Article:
In Zelligs v Janes 2016 BCCA 280 the appeal court upheld the decision of the trial judge who found that a joint tenancy bank account had been severed when one daughter withdrew funds from the joint bank account for her sole benefit, and then used them to acquire property and investments for her and her husband’s sole benefit.
The daughter had used her power of attorney to sell her mother’s property prior to her death, and deposited the net funds into a joint bank account that she held with her mother.
The trial judge held that the joint tenancy survived the sale using the power of attorney, but was severed when the daughter withdrew the funds from the joint bank account for her sole benefit while the mother was alive.
The court held that the withdrawal of the funds automatically severed the joint fund by severing the unity of title, and converted it into a tenancy in common, and extinguished any right of survivorship.
The principal and distinguishing characteristic of joint tenancy is the right of survivorship
When one joint tenant dies, his or her interest in the property is extinguished and passes to the surviving joint tenant. The right of survivorship is, however a revocable expectancy that manifests only upon success in the so-called “ultimate gamble” – survival – and then only if the joint estate has not been previously destroyed by an act of severance. When given inter vivos, a gift of survivorship rights is to be what is left, if anything, when the gamble is won.
The interest of a tenant in common is different with respect to survivorship. Unlike that of a joint tenant, a tenant in common’s interest in property remains intact upon death, and passes to his or her estate. Fuller v Harper 2010 BCCA 421 at para. 53.
Parties may hold legal title to property in one form of co-ownership while holding equitable title in another. For example, a mother and daughter may be joint tenants in law and tenants-in-common in n equity with respect to jointly held property by virtue of a trust or an act of severance. If the mother dies first, the daughter assumes full legal title by right of survivorship, but the mothers equitable interest, being held in common, passes to her estate and the daughter holds legal title, as trustee for the beneficial owners, namely herself and her mother’s estate.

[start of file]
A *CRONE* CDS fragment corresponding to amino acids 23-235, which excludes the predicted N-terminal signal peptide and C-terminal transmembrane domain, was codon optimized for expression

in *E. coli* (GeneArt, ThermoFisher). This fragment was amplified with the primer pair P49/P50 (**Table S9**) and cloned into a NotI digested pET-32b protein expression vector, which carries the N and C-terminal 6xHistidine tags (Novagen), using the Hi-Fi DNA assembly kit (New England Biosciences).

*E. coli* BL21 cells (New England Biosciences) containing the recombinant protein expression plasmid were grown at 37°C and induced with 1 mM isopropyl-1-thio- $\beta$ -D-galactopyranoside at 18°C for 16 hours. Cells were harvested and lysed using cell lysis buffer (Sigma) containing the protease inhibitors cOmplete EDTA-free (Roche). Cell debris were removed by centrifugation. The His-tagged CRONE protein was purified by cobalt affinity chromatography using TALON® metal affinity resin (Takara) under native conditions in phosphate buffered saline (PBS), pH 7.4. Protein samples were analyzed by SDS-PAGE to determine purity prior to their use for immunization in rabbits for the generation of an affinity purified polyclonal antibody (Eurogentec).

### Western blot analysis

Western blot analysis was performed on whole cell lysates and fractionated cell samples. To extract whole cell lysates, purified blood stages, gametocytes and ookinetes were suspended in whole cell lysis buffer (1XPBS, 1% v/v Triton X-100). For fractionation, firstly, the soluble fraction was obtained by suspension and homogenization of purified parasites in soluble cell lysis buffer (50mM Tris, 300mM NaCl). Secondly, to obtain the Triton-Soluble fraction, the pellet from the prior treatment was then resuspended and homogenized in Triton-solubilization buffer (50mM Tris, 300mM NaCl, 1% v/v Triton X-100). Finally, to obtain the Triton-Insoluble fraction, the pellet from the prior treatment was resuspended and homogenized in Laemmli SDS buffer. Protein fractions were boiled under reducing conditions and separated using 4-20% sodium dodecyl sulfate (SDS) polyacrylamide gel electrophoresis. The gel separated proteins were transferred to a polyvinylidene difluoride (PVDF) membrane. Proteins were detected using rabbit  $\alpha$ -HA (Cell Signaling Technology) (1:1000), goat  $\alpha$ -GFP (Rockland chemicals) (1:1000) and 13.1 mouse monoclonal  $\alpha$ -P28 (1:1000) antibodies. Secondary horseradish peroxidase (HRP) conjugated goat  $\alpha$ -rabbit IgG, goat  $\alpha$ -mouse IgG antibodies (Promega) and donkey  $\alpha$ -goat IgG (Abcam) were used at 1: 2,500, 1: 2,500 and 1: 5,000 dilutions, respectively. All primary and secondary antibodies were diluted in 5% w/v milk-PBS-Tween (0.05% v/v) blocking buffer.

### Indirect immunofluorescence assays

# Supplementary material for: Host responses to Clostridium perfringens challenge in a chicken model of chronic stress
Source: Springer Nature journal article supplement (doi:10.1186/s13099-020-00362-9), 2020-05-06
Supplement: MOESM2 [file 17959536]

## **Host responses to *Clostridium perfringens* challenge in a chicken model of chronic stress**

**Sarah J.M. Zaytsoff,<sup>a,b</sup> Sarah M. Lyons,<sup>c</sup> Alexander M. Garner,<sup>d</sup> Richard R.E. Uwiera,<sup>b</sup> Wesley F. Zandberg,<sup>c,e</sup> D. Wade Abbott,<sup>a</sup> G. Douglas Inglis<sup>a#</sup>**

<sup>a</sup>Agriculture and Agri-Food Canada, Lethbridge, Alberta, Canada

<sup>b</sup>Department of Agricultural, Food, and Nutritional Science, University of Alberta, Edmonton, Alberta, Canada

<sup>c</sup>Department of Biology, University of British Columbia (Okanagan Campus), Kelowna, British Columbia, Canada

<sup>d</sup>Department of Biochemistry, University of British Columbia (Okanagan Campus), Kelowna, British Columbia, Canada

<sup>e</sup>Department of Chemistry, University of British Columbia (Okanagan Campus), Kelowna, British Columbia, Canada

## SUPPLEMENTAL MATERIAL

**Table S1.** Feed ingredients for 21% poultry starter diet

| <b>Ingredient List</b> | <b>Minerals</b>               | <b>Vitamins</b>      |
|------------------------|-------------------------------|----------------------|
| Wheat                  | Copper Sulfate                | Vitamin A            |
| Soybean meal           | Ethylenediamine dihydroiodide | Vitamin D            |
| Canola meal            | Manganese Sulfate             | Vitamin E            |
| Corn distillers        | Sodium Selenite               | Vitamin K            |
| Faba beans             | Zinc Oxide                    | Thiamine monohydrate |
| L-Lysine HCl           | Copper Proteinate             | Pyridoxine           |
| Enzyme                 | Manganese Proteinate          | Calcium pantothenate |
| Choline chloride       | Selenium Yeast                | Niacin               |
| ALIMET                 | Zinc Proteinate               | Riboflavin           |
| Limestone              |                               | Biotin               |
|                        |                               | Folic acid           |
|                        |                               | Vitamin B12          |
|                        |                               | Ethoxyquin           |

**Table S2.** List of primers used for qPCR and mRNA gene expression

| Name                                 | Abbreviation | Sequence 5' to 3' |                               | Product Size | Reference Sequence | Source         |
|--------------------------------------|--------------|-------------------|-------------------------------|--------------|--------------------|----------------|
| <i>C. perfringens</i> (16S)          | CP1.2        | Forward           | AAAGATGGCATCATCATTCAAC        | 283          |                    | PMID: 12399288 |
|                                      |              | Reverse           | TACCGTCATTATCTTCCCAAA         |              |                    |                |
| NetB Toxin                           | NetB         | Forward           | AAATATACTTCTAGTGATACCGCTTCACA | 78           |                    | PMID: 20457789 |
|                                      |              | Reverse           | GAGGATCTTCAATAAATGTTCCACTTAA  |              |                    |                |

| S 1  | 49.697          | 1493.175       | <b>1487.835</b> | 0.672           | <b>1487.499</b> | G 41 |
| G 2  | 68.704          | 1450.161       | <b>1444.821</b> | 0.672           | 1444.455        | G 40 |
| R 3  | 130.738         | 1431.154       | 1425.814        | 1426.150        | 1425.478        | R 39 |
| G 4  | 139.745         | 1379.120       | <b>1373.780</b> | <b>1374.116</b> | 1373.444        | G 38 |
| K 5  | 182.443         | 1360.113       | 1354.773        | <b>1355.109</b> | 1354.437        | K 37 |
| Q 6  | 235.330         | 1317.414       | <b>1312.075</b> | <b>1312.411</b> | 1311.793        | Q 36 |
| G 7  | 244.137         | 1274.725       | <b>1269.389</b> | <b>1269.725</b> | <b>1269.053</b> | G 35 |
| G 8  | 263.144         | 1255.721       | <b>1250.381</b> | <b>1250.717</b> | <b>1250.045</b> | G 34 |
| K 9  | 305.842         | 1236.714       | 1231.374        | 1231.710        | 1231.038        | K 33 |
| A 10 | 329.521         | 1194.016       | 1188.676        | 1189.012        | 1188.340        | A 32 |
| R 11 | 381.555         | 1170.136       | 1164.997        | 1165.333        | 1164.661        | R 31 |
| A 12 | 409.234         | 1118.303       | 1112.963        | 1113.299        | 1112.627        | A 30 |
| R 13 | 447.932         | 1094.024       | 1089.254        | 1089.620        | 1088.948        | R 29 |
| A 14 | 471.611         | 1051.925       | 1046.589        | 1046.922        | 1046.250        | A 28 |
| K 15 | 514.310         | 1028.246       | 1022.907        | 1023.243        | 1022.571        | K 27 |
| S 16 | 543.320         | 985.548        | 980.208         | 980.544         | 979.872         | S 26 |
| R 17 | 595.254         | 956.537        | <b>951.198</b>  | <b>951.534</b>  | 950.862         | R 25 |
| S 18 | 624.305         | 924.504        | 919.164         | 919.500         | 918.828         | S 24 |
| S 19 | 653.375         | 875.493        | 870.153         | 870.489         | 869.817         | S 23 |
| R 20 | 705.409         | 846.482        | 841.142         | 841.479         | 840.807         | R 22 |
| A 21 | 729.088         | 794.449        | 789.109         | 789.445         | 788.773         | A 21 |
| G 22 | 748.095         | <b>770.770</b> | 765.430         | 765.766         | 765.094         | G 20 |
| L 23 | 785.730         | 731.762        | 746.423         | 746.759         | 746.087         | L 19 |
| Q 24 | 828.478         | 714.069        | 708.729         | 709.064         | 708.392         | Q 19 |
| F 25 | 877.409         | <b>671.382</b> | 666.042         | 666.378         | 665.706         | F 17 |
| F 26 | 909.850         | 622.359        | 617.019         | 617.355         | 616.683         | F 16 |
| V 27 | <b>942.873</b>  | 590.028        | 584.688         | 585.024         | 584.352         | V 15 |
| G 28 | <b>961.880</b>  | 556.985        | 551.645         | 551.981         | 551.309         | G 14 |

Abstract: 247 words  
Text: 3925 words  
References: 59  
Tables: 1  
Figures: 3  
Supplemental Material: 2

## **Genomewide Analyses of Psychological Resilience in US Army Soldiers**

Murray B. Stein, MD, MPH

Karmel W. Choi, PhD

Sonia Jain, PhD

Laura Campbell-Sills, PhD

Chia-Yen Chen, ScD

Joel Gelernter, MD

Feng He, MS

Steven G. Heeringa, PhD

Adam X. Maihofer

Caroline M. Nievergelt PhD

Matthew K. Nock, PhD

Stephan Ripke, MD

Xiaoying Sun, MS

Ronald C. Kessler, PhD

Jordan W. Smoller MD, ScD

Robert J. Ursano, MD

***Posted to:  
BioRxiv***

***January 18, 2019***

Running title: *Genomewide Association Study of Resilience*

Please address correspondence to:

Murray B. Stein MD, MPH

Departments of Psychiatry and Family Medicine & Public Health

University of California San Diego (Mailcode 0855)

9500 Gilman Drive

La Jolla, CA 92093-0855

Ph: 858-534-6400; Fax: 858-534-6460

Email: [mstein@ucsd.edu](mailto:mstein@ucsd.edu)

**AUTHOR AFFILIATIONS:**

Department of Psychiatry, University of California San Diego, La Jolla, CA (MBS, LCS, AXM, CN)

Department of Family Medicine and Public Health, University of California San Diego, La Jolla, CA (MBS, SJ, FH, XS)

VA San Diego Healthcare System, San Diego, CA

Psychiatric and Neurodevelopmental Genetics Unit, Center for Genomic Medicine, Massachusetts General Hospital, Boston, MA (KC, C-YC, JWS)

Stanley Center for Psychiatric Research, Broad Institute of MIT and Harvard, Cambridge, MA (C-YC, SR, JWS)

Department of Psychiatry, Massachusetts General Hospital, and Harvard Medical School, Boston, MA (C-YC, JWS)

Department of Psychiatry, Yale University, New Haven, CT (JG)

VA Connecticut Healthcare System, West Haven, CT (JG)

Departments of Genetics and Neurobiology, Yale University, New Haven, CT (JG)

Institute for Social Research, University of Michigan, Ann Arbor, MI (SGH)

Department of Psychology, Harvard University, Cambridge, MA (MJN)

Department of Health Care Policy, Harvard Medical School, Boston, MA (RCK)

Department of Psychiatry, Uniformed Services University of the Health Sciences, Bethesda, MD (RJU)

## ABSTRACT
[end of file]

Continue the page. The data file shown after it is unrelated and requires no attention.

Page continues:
Equity leans against joint tenancies. The relevant maxim is that equity is equality.
When a joint tenant dies, the old belongings to the survivor and the deceased’s estate takes nothing, which favours the tenant of longevity and is thus unequal, except perhaps for an equal chance at survival. For this reason, equity often treats persons were joint tenants at law, such as business partners are unequally contributing co-owners, as tenants-in-common. Mischief Holdings Property LTD v Mischel (2013) VSCA 375 at paras. 60-61
When a joint tenancy is severed, the joint tenancy is converted into a tenancy in common in the right of survivorship is extinguished. In consequence, each affected co-owner becomes entitled to a distinct share rather than an undivided interest in the whole.
In joint tenancy is composed of more than two persons, a blend of interest may be present.ie a mixture of joint tenancy between two parties who hold an interest in tenancy in common with the third.
Severance of a joint tenancy is typically affected in one of three ways:
- By one persons acting unilaterally upon his or her own shares, so as to destroy the few unities i.e. by selling it;
- by mutual agreement, i.e., by written contract
- by any course of dealing sufficient to intimate that the interests of all were mutually treated as constituting a tenancy in common- for example, conduct which demonstrates all tenants mutually dealt with their interests as several.
- Other possible modes of severance include bankruptcy, partition or an order made under matrimonial property legislation. Tessier estate v Tessier 2001 SKQB 399 at para. 8.
The court in Zeligs agreed with the Tessier decision that the parties conduct may provide an evidentiary basis from which agreement can be inferred.
The question under the third rule is whether, in the absence of agreement, it would be unjust to permit a party to assert survivorship rights, because of the parties mutual treatment of their interests.
Ascertaining whether a joint tenancy has been severed is a factual question, often determined on the basis of reasonable inferences. It requires the application of a legal standard to the facts.
The court found that the joint tenancy bank accounts were severed when the monies were transferred from the joint account of the sale proceeds, into an account for solely herself and her husband, while her mother was still alive.
When the daughter transferred the sale proceeds to herself and her husband, she destroyed the unity of title on the joint bank accounts, and thus converted the account into a joint tenancy in common composed of two equal shares and extinguishing the right of survivorship.